The quality of women today is so bad that some MRAs have advocated changing the child-custody laws to favor men—and show examples that fathers are more necessary now than mothers. This wouldn’t have been true a few decades ago.

  18. Lugo says:

    Another point worth mentioning. Until as late as the early 20th century, there was no such thing as pensions, retirement homes, or assisted living. “Elder care” consisted of parking granny in an extra bedroom until she croaked. A good reason to have kids was so that there would be someone to take care of you when you got old. Elder care today relies to a great extent on government support. If the system crashes, there will be no such support, and we’ll be back to the “granny in the extra bedroom” style of elder care. If you don’t have kids, that option won’t be open to you.

  19. I agree with you on the distinction, and marriage in our current legal climate is a real risk. I’ve set that aside for this particular post, but as I mentioned I have addressed that in many other posts. With that said, there are men making the case for not having children for entirely different reasons. I believe Country Lawyer and Captain Capitalism are both making such a case in their comments to this post.

    Yes they have but the “personal” level of the problem is connected to the national/global level of the problem. Why is there decline or the possibility for global catastrophe? It’s because of feminism and nothing else. Any other problems such as peak oil are solvable. They only reason such problems aren’t solvable is because feminism is destroying men who would be working on such problems.

    The reasons why getting married and having children are a net negative in a modern catastrophe situation for men is the same reason it’s a liability for men to get married and have children even if there’s no collapse. In those collapsing societies of the past marriage and children weren’t the liability they are now. In the worst case it was not a net positive but not a liability either. Marriage and children have become a liability for men, and a societal collapse isn’t going to get rid of the reasons that marriage and children are a liability for men.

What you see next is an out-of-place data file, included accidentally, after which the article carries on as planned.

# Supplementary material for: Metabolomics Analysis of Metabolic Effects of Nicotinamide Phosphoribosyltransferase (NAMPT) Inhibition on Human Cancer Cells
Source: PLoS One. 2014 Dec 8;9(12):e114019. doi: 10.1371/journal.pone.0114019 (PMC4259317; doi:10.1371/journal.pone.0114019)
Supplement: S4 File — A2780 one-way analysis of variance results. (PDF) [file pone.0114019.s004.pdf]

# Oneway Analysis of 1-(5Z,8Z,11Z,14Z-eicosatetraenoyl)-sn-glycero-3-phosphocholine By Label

20. Opus says:

    @Sestamibi

    Most amusing.

    Amongst my ancestors who did propagate, I also supect that there were no abortions and probably no STDs. Never let it be forgotten that my ancestors (and yours) – the ones who survived – had the genes to avoid the plague!

  21. The reasons why getting married and having children are a net negative in a modern catastrophe situation for men is the same reason it’s a liability for men to get married and have children even if there’s no collapse.

    Moder catastrophes are not different from ancient catastrophes. There is a break down of laws and society. Feminism is based on laws and social norms imposed by men over other men. In a catastrophes this will disappear very fast. So the only chain preventing males to put misbehaving female at their place is their mental chain.

    Who will provide for them (females)? Males.
    Who will force them (male) do to so? No one.
    Females can choose to go out and forage for themselves and protect themselves from predators (two or four legged) or accept the protection of males and submit to them.

    If they live in some place with a cold winter (it don’t need to be very cold) as the temperature fall and their hunger grow, they will see the positive sides of the bargain.

    In ancient Scandinavia, there are evidence that young girls that married older men were better feed than young girls that married young (their age) men. This because the older men were better hunters and more able to feed their family.

  22. Dalrock says:

    @Pro-Male/Anti-Feminist Tech
    Yes they have but the “personal” level of the problem is connected to the national/global level of the problem. Why is there decline or the possibility for global catastrophe? It’s because of feminism and nothing else. Any other problems such as peak oil are solvable. They only reason such problems aren’t solvable is because feminism is destroying men who would be working on such problems.

    I think we are making different foundational assumptions (which is fine). Either way I’m not arguing that someone who doesn’t think marriage & children would be beneficial to them should marry. I’m not the one who will benefit from someone else’s successful marriage, and I’m not the one who will pay the cost if it is unsuccessful. All I am saying with this post is I don’t think it makes sense to forgo this option if you want it based on general concerns about the economy, global warming, potential for wars, etc.